I do not raise these considerations to dismiss the possibility of dramatic transformations in social organization, such as we have seen in China. Indeed, I am persuaded that changes of this magnitude may be required within the time span with which our examination has been concerned. My analysis leads me, rather, to reiterate that these behavioral alterations, much as those that have taken place in China, will have to allow for, or build on, recalcitrant elements in the human personality, including the two that I have singled out for emphasis, namely the “hunger” for political authority and the “fantasy” of political identification. Further, it is not genetic evolution or cumulative amelioration in rearing that are likely to be the crucial means of affecting the behavioral reorientations of the “post-industrial” future, but the use of those primal elements on which political power rests—a belief for which, once again, the Chinese experience provides some supporting evidence.
I am all too aware that these conclusions may bring dismay to many whom I consider my friends and comfort to many whom I consider my foes. To suggest that political power and hierarchy serve a supportive function in society plays directly into the hands of those who applaud the “orderliness” of authoritarian or dictatorial governments. To find a reason for the appeal of nonrational political beliefs is to encourage those who advocate irresponsible political programs. To stress the psychological roots of peoplehood is to weaken the cause of those who seek to overcome the curse of racism and xenophobia.
If I nonetheless publish these thoughts, with all their potential mischievousness, it is because the weakest part of the humanitarian outlook, both philosophically and pragmatically, has been its inability or unwillingness to come to grips with certain obdurate human characteristics. As a result we find buried within “humanist” appeals a conception of human nature that is often as reactionary, in the sense of ascribing an inherent element of evil to man, as that of the most unthinking conservative. Let me cite this example from a contemporary radical publication:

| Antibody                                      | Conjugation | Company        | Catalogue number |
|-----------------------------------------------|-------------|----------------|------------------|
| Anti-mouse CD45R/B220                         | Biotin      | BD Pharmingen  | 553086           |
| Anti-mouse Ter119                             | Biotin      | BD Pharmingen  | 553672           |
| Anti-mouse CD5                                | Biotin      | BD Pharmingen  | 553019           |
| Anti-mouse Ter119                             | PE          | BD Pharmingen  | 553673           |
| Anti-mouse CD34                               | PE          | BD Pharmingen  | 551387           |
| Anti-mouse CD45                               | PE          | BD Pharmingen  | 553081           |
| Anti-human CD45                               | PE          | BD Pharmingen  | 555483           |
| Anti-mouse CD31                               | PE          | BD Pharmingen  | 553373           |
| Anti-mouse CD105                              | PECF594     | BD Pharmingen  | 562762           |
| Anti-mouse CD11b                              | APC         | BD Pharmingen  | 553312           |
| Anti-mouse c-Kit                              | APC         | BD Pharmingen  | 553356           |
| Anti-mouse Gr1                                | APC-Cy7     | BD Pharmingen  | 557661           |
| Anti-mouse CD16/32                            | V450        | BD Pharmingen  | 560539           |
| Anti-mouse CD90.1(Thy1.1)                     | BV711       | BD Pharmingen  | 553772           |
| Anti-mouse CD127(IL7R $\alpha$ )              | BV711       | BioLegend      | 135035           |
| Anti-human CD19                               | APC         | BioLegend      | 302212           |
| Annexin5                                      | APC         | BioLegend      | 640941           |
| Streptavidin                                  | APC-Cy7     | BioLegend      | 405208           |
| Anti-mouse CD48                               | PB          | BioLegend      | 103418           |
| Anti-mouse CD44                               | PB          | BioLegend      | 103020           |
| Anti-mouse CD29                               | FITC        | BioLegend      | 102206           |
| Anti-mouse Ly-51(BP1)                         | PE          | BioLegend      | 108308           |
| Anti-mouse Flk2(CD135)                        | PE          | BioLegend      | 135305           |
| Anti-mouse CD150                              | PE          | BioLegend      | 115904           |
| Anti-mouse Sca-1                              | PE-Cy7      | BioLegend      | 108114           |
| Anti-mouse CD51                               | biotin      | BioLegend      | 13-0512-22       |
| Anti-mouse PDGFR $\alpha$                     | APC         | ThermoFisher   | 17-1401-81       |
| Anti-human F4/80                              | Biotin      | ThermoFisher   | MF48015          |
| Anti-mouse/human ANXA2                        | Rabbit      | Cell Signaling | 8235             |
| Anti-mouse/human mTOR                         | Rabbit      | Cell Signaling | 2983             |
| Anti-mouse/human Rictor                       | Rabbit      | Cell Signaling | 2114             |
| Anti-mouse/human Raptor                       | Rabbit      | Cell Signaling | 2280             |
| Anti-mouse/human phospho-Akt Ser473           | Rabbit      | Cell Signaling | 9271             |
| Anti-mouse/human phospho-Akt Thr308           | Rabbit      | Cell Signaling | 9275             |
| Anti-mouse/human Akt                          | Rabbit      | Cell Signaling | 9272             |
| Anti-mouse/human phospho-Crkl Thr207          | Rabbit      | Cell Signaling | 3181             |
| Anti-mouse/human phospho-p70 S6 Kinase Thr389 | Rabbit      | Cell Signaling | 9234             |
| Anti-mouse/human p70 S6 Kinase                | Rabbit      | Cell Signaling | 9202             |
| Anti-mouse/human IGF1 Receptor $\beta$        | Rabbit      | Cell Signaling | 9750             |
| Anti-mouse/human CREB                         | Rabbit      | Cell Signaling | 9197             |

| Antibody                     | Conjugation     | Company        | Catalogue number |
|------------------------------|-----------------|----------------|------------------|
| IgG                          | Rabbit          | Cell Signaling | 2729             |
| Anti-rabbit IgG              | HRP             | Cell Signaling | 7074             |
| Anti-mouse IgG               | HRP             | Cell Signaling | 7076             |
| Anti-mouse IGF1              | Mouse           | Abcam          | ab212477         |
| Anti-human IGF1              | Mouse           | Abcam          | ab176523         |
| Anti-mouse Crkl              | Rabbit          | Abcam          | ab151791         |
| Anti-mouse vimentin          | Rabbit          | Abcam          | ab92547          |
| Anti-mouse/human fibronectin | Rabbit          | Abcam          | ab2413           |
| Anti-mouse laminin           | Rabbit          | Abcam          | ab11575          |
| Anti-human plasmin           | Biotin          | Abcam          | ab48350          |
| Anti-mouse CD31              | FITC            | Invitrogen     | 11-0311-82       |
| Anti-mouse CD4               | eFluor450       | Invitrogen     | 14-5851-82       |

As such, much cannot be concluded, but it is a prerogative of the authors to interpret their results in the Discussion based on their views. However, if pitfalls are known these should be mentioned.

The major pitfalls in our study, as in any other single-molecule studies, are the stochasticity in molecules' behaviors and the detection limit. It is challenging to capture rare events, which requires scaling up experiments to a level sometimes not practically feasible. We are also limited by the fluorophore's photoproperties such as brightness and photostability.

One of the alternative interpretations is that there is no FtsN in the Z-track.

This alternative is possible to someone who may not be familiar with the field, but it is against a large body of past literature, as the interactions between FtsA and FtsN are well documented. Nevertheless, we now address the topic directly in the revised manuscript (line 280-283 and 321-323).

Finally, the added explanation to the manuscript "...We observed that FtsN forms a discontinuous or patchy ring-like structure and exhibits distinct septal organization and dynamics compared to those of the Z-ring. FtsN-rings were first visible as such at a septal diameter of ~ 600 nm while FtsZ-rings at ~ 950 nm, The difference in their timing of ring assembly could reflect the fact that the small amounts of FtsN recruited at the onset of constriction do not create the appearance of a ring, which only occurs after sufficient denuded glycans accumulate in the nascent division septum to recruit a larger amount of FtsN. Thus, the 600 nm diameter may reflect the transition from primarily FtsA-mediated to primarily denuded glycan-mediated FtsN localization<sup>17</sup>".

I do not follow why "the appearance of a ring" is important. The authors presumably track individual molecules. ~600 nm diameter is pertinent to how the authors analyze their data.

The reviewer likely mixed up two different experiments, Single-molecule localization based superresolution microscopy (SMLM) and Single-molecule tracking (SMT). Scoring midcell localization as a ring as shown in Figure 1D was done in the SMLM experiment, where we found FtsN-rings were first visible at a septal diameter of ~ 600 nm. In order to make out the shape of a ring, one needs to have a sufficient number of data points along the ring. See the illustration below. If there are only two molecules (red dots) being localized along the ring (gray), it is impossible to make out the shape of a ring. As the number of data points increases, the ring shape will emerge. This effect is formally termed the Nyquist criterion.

In the most profound sense, the proletariat has not one enemy but two the ruling class and itself. In the absence of a humanizing militancy and a militant humanism, in the absence of a fierce common hatred for the common enemy, and a fiercer common love for the proletariat as a whole, history will degenerate into barbarism.22
The encouragement of aggressive impulses (militancy, fierce hatred, fiercer love), the dehumanization implicit in the admonition to “love” the proletariat “as a whole,” and above all the view of man as engaged in a struggle to the death with himself open this view to a critique as scathing as any that could be directed against a “bourgeois” conception of humanity. If radicalism is to go to the roots, as the term implies, it must be prepared to examine the “nature” of man in ways much more courageous and much less pietistic than those it uses in the name of “humanism.” Anything less will only build an architecture of hope on false beliefs.
V: Reflections on the Human Prospect
What is needed now is a summing up of the human prospect, some last reflections on its implications for the present and future alike.
The external challenges can be succinctly reviewed. We are entering a period in which rapid population growth, the presence of obliterative weapons, and dwindling resources will bring international tensions to dangerous levels for an extended period. Indeed, there seems no reason for these levels of danger to subside unless population equilibrium is achieved and some rough measure of equity reached in the distribution of wealth among nations, either by great increases in the output of the underdeveloped world or by a massive distribution of wealth from the richer to the poorer lands.